The Internet knows everything, and based on what you’ve put out there, it knows a whole lot about you. Whether you like it or not, we live in an age where a few clicks can pull up a person’s entire profile, which means that one crass post can make or break your public image.
This is why it’s important to always have a good, clean online presence, especially if you’re trying to get yourself hired. If you think you have a bit of digital housekeeping to do before you submit that resume, then check out these tips that we’ve listed to help you.
1. Google yourself.
Before anything else, see what the Internet has to say about you. Are you searchable? If so, do your search results link to decent information, or to photos about the last time you got wasted?
Checking your background by googling your name is probably the very first thing that your prospective employers will do to see what kind of person you are, so make sure that what they see are things that will put you in a good light. You can also try it on other search engines, such as Yahoo! and Bing.
2. Have a wholesome social media presence.
Let’s face it: social media is open to everybody. That means that whatever you post is for public consumption, and at some point may be accessible to people who you haven’t intended it to be. To avoid giving a not-so-stellar impression of yourself, be wholesome on your chosen platforms. You can still be fun without being too crass.
3. Adjust your privacy settings.
Although social media is a technically free-for-all, adjusting the privacy settings of your accounts can help a great deal with filtering who can see the things you post and with how it will appear on search engine results. It may be tedious, but it can help in keeping unwanted eyes off your private life.
4. Close accounts that you haven’t been using in a while.
When was the last time you posted on LiveJournal? If you don’t remember, then maybe it’s high time to back everything up and close your account. Cleaning up your digital footprints may help lessen the chances of your future employer digging up skeletons from your closet.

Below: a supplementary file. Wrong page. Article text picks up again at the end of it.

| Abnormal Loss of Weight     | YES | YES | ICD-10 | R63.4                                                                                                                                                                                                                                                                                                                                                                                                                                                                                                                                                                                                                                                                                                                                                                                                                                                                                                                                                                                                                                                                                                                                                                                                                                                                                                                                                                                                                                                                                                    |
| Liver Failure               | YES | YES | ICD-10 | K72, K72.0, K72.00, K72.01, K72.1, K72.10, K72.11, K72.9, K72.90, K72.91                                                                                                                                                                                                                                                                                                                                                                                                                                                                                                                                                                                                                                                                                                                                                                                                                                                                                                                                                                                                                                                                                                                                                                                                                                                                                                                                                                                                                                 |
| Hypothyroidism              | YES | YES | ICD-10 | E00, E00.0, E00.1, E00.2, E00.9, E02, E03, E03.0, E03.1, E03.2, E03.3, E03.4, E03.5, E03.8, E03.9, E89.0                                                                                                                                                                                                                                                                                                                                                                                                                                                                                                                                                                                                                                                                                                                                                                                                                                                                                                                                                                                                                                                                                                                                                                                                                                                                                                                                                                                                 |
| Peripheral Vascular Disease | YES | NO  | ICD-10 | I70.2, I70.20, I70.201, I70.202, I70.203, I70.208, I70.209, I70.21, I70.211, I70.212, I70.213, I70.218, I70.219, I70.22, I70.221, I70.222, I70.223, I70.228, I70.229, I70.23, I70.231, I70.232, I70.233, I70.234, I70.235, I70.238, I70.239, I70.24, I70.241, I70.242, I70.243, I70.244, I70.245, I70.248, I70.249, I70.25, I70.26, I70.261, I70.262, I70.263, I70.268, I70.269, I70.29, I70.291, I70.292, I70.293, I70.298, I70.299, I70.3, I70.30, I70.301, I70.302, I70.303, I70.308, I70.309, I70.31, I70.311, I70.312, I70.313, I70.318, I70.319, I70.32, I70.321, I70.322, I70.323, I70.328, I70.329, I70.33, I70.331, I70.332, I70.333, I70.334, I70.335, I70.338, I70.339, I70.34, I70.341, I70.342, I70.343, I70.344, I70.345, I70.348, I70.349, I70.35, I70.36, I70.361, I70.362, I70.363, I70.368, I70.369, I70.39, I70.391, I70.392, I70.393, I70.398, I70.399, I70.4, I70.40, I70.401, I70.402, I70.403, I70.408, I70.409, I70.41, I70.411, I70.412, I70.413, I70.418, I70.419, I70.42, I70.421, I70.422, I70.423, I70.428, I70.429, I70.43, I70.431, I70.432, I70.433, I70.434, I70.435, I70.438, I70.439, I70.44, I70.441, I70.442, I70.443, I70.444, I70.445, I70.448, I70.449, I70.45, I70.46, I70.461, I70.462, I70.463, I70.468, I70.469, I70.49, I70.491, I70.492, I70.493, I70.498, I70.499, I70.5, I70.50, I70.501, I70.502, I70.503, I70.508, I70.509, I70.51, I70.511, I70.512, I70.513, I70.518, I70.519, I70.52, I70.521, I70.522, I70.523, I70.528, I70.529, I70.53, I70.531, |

5. Start a professional webspace.
Many dot coms are now pretty cheap, especially if you go with the format “www.yourname.com.” Why not get a domain, pay for hosting, and create your own online presence? This is most applicable for artists, designers, and writers who have portfolios to share. Setting up a website, a blog, or a LinkedIn account can help direct people to a space providing professional information on you, which can help up your chances of getting hired. Just make sure to always keep your posts updated!
6. Think before you post.
Now that you’ve managed to streamline your online presence, what’s important is maintenance, and the first step to maintaining good standing is to think before you post. Ask yourself if what you’ll be putting out there can potentially bite you in the fanny when the time comes before typing in anything. After all, preventing an awkward, career-breaking situation is better than diffusing one.
Not convinced all this effort is necessary, especially if you’re not looking for a job at the moment? Remember that people can lose jobs over the things they post online. Even if it’s not as extreme, your boss may give you a talking-to or you may receive disciplinary action from HR if your online image (and that includes your posts as well as the posts of you by other people) does not comply with your company’s code of conduct. And it’s always a good idea to make sure there’s nothing publicly viewable that you wouldn’t be comfortable with strangers (potential employers or not) seeing when they try to learn more about you.